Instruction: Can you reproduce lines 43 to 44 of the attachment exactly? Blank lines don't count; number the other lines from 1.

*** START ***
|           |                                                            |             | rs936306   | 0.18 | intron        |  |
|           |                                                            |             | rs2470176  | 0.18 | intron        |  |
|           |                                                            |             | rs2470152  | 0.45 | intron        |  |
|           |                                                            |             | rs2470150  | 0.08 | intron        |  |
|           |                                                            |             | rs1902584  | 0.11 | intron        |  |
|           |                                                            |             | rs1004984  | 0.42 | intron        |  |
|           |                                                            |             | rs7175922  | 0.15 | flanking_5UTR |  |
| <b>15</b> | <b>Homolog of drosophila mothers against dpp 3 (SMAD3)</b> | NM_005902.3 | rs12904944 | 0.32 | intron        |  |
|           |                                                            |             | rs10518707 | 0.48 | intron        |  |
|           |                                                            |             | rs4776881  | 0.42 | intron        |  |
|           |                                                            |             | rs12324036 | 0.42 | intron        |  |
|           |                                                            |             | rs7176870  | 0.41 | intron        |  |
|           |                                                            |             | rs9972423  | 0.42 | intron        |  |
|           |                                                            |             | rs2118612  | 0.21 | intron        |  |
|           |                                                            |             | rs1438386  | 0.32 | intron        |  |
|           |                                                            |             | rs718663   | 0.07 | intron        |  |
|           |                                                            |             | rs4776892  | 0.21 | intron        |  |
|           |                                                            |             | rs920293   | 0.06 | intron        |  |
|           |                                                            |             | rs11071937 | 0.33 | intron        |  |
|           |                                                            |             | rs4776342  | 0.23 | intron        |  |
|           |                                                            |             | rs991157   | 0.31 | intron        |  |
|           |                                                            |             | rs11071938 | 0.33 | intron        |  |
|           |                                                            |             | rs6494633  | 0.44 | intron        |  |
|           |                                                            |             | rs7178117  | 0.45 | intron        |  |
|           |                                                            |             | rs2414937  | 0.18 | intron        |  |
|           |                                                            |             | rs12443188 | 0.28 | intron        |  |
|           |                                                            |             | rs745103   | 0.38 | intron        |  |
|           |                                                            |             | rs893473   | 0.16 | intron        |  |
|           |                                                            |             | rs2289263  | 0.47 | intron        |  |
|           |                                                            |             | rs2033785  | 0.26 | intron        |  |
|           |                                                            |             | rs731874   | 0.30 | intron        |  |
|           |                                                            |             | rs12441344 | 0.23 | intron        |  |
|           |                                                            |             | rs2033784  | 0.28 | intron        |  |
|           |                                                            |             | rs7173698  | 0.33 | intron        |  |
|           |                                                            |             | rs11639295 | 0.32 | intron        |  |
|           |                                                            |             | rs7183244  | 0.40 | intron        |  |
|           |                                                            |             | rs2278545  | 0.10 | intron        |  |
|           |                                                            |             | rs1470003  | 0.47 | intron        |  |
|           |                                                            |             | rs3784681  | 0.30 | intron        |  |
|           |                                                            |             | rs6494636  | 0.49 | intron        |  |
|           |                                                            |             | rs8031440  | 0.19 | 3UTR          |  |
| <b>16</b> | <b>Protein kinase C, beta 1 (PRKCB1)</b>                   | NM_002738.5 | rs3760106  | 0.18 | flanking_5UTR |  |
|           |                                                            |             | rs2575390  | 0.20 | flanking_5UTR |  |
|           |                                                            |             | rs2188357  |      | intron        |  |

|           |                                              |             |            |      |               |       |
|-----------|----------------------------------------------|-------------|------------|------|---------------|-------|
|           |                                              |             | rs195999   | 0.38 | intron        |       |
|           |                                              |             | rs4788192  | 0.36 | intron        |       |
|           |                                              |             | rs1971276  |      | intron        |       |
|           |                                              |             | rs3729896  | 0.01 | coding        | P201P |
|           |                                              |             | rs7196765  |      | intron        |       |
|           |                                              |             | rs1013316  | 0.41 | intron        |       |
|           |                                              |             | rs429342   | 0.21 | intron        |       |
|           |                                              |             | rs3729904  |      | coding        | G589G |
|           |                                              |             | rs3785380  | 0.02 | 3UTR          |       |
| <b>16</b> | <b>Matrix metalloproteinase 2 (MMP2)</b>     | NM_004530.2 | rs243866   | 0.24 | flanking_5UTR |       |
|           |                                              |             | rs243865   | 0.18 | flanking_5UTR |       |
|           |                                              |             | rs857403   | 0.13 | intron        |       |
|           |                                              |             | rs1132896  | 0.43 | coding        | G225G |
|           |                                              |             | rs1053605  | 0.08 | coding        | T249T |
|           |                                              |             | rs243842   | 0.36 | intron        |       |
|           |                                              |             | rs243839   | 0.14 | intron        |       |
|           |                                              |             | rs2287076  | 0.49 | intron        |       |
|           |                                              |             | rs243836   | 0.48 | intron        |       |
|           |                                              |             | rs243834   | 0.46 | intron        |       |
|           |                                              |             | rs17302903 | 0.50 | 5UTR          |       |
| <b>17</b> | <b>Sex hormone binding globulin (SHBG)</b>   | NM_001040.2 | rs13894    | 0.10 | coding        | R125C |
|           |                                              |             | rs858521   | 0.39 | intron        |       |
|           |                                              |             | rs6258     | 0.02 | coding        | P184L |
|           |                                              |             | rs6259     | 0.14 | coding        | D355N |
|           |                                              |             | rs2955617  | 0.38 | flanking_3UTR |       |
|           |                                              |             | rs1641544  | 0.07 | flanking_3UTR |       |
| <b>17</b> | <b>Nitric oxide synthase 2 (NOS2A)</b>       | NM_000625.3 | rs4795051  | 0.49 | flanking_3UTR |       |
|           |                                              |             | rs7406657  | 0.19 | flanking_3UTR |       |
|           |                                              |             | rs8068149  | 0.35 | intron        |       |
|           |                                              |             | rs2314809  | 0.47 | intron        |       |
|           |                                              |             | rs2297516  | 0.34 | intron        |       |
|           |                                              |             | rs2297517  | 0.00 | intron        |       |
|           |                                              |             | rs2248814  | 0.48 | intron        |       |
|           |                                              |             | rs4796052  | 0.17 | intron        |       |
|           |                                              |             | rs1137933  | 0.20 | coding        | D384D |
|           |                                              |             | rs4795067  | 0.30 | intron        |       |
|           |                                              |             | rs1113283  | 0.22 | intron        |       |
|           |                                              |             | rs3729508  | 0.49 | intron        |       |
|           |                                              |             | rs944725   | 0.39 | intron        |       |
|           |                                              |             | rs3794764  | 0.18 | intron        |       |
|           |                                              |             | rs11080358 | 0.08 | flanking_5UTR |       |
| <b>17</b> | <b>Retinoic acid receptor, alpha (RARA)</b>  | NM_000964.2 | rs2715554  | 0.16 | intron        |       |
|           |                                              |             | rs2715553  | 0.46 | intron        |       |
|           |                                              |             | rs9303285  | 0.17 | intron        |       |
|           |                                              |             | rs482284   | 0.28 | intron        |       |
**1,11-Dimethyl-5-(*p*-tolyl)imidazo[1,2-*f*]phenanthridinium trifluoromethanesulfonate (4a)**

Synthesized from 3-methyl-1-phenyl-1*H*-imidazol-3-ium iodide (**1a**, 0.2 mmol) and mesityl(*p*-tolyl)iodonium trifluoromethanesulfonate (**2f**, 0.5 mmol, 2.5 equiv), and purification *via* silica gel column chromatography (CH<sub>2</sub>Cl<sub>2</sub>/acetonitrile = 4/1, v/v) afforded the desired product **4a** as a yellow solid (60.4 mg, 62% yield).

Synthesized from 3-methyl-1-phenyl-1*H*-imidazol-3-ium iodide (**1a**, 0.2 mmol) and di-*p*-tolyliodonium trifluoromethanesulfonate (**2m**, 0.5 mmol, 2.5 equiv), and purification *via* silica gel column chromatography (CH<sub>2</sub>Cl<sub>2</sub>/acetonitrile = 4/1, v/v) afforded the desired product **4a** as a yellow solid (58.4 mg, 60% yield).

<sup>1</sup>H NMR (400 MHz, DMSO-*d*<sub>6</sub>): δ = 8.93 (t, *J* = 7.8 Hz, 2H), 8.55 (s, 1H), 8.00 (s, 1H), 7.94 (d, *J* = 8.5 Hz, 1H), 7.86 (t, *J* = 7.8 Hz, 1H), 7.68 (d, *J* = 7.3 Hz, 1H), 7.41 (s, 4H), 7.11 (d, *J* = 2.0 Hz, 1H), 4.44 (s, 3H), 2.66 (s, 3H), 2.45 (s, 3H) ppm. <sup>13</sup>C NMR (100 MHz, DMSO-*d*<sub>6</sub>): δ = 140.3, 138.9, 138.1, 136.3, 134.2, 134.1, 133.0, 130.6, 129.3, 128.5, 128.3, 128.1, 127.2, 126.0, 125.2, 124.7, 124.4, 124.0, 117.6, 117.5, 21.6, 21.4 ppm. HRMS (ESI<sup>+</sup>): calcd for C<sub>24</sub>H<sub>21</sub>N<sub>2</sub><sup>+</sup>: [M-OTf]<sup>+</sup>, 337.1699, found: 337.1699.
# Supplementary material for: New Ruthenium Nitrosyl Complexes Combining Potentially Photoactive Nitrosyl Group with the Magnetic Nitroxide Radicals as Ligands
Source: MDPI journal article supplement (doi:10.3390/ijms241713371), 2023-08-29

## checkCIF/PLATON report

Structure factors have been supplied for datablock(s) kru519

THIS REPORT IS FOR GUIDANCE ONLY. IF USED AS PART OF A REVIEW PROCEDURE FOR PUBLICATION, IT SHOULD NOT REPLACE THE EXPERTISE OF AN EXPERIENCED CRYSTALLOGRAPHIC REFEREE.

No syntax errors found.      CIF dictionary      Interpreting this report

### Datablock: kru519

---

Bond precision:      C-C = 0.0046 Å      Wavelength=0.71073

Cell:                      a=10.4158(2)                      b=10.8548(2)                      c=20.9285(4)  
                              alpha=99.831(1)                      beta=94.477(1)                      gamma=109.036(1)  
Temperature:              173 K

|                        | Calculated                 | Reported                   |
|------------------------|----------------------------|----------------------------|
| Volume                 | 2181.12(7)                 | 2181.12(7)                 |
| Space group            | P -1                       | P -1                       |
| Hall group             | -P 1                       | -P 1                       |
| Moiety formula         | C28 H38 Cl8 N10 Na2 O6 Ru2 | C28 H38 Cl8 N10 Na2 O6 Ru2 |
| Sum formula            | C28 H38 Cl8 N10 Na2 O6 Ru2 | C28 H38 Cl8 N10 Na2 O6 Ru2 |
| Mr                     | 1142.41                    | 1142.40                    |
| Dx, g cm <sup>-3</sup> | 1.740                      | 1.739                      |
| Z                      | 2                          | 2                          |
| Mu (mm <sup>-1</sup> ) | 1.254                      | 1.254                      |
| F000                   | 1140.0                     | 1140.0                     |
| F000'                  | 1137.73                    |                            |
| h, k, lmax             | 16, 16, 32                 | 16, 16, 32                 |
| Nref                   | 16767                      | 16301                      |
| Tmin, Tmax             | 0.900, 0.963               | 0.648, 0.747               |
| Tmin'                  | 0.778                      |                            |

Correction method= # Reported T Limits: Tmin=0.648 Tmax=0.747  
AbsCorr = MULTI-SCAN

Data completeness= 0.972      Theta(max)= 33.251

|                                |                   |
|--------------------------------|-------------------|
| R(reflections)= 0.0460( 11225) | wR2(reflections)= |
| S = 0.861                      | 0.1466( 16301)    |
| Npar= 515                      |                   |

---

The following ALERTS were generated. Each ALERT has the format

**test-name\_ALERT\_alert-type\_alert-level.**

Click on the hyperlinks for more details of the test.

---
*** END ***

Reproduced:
|           |                                                            |             | rs2575390  | 0.20 | flanking_5UTR |  |
|           |                                                            |             | rs2188357  |      | intron        |  |